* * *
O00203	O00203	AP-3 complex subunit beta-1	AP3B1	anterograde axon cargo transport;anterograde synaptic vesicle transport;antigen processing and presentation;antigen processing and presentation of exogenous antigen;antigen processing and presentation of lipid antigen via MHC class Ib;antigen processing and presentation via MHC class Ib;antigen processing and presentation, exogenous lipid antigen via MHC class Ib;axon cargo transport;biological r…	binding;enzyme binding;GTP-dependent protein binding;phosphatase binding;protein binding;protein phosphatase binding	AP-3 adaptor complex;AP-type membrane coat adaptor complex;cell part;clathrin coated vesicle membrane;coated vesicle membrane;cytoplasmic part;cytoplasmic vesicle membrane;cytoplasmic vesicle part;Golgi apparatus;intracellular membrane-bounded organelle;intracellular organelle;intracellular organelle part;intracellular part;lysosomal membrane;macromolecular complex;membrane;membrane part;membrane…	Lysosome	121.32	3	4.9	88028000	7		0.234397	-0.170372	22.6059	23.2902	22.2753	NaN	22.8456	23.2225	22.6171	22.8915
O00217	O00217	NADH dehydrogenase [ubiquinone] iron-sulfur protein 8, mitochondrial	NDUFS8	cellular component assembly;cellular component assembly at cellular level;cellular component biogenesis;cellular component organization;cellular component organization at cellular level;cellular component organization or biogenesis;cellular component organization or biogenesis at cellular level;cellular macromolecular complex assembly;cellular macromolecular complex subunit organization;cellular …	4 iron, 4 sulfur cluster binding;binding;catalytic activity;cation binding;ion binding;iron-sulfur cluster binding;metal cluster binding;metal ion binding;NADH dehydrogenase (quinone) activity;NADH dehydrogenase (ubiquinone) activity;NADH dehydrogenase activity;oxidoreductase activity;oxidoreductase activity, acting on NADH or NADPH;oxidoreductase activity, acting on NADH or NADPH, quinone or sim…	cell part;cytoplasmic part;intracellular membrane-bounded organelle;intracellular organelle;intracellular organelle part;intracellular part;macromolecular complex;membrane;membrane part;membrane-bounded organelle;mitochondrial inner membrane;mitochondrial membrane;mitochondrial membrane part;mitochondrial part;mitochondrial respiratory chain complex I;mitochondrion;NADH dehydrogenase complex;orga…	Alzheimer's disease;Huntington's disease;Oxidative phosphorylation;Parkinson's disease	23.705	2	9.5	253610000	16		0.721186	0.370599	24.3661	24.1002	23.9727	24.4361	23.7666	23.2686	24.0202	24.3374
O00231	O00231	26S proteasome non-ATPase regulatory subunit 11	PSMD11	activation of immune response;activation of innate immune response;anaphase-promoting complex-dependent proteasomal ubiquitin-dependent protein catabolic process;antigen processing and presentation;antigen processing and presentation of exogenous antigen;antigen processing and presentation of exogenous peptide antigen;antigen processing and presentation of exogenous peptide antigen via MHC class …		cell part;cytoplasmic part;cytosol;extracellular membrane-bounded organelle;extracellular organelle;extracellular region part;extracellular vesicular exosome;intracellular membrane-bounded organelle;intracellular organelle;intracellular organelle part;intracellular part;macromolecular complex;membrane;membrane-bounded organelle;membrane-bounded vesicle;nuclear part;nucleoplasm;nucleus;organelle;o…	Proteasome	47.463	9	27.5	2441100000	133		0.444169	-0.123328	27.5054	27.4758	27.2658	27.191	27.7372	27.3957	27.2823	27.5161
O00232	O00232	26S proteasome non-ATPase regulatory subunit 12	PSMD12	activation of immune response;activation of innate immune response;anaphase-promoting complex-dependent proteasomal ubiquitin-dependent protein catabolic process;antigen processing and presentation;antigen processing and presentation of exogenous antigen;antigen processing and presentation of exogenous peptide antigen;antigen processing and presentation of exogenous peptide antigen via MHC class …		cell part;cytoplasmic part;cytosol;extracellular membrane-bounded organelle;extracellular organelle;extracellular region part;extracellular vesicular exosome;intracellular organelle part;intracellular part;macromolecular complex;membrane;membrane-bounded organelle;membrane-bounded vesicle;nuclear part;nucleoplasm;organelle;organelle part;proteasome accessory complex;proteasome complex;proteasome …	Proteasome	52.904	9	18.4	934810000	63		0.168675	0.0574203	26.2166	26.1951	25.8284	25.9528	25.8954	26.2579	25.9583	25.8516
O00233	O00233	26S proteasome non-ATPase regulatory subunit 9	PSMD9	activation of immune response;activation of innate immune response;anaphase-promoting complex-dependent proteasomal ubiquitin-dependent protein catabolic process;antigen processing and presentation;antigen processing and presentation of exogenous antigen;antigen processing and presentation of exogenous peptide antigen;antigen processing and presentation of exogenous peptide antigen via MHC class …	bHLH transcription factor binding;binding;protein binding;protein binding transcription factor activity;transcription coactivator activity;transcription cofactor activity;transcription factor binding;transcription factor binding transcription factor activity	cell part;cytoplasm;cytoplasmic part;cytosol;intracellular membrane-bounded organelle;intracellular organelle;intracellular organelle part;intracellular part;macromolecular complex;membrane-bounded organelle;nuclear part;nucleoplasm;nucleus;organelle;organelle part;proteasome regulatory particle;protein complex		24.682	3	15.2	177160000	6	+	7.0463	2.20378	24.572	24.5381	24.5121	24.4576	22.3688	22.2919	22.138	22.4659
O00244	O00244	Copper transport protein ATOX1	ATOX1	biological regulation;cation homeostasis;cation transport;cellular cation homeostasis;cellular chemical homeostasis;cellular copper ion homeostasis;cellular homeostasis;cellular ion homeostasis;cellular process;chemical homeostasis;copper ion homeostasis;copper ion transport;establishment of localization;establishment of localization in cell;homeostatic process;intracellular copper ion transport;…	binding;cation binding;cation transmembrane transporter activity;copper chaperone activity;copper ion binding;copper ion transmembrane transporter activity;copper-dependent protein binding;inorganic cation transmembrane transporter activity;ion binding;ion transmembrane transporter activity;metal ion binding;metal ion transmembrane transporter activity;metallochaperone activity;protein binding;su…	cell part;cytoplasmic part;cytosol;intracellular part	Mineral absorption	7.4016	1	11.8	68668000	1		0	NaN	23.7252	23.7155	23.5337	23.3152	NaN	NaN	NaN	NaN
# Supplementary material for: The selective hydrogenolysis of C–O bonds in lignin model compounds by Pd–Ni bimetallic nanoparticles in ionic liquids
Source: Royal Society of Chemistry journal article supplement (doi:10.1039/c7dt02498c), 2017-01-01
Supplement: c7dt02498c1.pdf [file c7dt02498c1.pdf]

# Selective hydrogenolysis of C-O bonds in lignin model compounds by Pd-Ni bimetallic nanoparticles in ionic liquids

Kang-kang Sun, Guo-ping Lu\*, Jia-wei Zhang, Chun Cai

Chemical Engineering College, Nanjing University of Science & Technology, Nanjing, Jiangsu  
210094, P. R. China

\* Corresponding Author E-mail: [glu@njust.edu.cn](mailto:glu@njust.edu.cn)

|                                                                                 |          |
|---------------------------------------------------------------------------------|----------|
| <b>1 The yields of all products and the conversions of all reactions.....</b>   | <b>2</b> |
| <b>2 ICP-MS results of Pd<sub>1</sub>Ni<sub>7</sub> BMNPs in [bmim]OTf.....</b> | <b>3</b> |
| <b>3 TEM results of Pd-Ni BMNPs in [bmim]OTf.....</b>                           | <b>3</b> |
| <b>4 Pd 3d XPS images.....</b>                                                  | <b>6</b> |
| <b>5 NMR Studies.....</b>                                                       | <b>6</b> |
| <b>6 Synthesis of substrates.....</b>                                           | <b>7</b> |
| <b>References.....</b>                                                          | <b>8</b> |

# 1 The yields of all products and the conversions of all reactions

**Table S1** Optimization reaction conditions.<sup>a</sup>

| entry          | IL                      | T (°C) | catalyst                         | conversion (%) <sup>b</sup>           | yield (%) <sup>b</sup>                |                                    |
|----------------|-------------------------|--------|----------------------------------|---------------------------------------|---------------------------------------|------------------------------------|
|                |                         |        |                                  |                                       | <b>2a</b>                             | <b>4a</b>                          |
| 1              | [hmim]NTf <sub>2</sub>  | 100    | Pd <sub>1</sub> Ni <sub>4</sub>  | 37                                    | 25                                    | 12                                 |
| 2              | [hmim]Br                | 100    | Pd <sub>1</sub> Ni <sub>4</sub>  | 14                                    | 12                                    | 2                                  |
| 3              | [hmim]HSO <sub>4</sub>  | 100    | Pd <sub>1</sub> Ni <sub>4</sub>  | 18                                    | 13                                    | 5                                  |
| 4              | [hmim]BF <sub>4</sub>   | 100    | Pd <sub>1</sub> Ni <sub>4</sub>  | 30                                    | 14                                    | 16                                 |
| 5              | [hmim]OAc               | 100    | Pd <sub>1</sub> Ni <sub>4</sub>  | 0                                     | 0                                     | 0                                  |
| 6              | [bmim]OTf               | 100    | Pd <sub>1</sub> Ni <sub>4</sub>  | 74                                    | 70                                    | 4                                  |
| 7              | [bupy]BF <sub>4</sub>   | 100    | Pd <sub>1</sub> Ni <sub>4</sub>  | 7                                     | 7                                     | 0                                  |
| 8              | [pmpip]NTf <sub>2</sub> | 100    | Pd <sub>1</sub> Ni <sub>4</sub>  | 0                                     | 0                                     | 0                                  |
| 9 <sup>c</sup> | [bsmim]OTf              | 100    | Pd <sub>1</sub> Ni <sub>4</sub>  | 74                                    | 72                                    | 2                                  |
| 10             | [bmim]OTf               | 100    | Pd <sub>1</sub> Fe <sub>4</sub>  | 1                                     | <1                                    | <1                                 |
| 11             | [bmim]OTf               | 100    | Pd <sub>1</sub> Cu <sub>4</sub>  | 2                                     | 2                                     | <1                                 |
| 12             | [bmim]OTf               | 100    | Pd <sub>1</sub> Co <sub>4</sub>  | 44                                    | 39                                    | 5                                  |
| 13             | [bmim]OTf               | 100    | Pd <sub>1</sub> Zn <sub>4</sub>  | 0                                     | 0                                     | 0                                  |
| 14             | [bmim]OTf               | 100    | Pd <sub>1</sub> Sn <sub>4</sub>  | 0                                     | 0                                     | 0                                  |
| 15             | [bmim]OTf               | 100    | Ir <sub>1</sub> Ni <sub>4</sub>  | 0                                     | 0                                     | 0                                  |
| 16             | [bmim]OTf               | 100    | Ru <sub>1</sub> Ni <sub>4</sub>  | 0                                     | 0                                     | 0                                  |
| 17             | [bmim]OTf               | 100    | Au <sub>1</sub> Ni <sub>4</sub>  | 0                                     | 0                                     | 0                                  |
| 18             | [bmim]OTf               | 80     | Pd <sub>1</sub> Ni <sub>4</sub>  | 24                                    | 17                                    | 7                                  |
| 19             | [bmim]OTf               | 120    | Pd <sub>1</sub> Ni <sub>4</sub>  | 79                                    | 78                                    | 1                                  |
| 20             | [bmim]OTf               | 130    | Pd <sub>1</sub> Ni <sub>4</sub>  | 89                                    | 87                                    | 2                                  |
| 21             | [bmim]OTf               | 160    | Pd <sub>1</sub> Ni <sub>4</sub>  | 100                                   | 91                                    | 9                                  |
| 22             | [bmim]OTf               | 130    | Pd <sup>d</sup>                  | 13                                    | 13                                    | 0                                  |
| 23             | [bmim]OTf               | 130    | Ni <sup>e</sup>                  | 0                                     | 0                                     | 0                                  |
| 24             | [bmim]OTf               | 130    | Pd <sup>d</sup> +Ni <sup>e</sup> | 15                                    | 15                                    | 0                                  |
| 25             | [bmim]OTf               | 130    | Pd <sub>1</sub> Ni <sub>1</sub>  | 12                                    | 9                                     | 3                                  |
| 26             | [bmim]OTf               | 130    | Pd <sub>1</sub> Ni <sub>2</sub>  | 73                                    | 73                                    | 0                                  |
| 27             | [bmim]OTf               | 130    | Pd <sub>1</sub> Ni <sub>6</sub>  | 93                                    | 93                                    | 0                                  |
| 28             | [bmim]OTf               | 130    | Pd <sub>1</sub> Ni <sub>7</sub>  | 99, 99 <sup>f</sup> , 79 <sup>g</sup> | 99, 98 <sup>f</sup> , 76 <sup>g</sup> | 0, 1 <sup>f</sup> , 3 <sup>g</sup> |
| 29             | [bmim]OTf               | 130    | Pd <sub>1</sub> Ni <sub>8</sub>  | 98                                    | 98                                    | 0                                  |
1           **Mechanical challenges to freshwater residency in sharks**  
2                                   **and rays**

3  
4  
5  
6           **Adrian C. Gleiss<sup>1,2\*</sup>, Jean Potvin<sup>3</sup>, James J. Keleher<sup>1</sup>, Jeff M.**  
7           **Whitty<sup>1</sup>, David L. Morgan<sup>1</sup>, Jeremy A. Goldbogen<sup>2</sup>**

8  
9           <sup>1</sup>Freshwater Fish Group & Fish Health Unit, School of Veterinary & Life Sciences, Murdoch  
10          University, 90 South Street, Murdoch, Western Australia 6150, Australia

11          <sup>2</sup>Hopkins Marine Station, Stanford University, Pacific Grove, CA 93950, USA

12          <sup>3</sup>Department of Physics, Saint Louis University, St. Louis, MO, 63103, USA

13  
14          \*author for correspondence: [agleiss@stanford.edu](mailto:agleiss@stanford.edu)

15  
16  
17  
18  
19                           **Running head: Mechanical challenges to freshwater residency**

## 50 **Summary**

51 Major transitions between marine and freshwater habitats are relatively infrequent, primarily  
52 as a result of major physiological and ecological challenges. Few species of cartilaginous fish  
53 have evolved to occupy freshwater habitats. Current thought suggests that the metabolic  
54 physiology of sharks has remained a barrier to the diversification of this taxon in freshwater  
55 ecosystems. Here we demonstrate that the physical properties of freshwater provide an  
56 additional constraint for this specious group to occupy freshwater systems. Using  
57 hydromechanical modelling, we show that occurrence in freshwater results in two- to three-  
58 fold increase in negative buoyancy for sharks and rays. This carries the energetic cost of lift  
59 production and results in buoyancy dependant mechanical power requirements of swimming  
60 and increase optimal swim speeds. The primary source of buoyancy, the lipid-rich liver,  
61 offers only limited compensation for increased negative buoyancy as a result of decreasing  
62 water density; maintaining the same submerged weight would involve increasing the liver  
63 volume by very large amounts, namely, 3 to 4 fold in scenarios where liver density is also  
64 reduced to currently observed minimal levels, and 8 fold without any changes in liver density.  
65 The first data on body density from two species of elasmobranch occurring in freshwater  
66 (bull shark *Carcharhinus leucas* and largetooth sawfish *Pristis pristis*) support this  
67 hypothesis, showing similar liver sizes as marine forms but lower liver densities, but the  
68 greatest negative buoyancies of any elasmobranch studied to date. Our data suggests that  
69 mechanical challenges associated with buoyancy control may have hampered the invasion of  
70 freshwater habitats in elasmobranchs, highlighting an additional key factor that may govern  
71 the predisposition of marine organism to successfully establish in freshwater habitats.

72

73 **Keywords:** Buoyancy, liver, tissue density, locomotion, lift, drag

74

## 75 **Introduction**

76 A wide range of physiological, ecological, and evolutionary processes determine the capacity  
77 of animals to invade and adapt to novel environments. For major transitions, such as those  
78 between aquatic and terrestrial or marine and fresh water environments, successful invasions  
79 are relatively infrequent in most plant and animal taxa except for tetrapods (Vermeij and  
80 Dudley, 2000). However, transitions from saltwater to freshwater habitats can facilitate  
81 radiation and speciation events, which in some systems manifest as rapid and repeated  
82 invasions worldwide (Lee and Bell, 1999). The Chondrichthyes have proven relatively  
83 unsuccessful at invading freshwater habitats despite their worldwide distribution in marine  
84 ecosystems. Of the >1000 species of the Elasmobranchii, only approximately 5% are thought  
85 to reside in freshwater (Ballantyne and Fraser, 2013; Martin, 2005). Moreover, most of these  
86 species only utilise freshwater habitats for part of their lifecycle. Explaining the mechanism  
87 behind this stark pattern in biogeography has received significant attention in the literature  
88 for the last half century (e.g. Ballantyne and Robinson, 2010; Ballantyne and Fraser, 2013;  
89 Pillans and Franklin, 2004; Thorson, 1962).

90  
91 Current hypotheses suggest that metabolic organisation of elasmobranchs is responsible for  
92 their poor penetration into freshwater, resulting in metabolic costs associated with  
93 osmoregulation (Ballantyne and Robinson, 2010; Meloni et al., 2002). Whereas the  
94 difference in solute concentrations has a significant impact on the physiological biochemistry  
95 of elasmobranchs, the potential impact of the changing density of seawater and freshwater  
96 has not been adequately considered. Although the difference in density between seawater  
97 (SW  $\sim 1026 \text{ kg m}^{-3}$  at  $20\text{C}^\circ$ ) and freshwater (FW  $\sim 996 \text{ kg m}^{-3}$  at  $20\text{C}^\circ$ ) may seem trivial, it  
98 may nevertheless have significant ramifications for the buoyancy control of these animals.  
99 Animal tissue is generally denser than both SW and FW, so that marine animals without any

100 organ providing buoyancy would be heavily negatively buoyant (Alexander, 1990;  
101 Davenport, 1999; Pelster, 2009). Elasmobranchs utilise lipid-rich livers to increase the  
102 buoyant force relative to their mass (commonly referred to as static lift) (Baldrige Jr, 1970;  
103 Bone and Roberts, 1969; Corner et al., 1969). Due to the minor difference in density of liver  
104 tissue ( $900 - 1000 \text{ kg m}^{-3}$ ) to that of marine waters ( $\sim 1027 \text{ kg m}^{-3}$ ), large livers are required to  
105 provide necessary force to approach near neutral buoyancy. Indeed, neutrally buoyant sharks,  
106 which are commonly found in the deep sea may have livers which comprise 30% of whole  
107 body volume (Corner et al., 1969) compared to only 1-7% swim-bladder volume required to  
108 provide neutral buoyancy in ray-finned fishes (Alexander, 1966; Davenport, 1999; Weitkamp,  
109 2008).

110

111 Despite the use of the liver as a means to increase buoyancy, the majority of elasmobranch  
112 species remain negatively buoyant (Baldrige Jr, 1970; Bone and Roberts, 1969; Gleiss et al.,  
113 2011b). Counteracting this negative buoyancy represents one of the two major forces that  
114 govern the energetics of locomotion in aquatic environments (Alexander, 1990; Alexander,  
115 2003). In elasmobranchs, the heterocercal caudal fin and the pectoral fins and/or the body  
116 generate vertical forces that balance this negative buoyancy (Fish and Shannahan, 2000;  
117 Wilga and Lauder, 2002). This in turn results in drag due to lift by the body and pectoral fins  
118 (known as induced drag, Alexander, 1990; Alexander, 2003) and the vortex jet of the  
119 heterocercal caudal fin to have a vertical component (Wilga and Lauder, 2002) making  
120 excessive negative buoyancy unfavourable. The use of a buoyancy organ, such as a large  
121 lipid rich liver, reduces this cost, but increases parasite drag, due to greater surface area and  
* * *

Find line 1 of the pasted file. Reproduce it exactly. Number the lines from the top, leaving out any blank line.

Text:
O00203	O00203	AP-3 complex subunit beta-1	AP3B1	anterograde axon cargo transport;anterograde synaptic vesicle transport;antigen processing and presentation;antigen processing and presentation of exogenous antigen;antigen processing and presentation of lipid antigen via MHC class Ib;antigen processing and presentation via MHC class Ib;antigen processing and presentation, exogenous lipid antigen via MHC class Ib;axon cargo transport;biological r…	binding;enzyme binding;GTP-dependent protein binding;phosphatase binding;protein binding;protein phosphatase binding	AP-3 adaptor complex;AP-type membrane coat adaptor complex;cell part;clathrin coated vesicle membrane;coated vesicle membrane;cytoplasmic part;cytoplasmic vesicle membrane;cytoplasmic vesicle part;Golgi apparatus;intracellular membrane-bounded organelle;intracellular organelle;intracellular organelle part;intracellular part;lysosomal membrane;macromolecular complex;membrane;membrane part;membrane…	Lysosome	121.32	3	4.9	88028000	7		0.234397	-0.170372	22.6059	23.2902	22.2753	NaN	22.8456	23.2225	22.6171	22.8915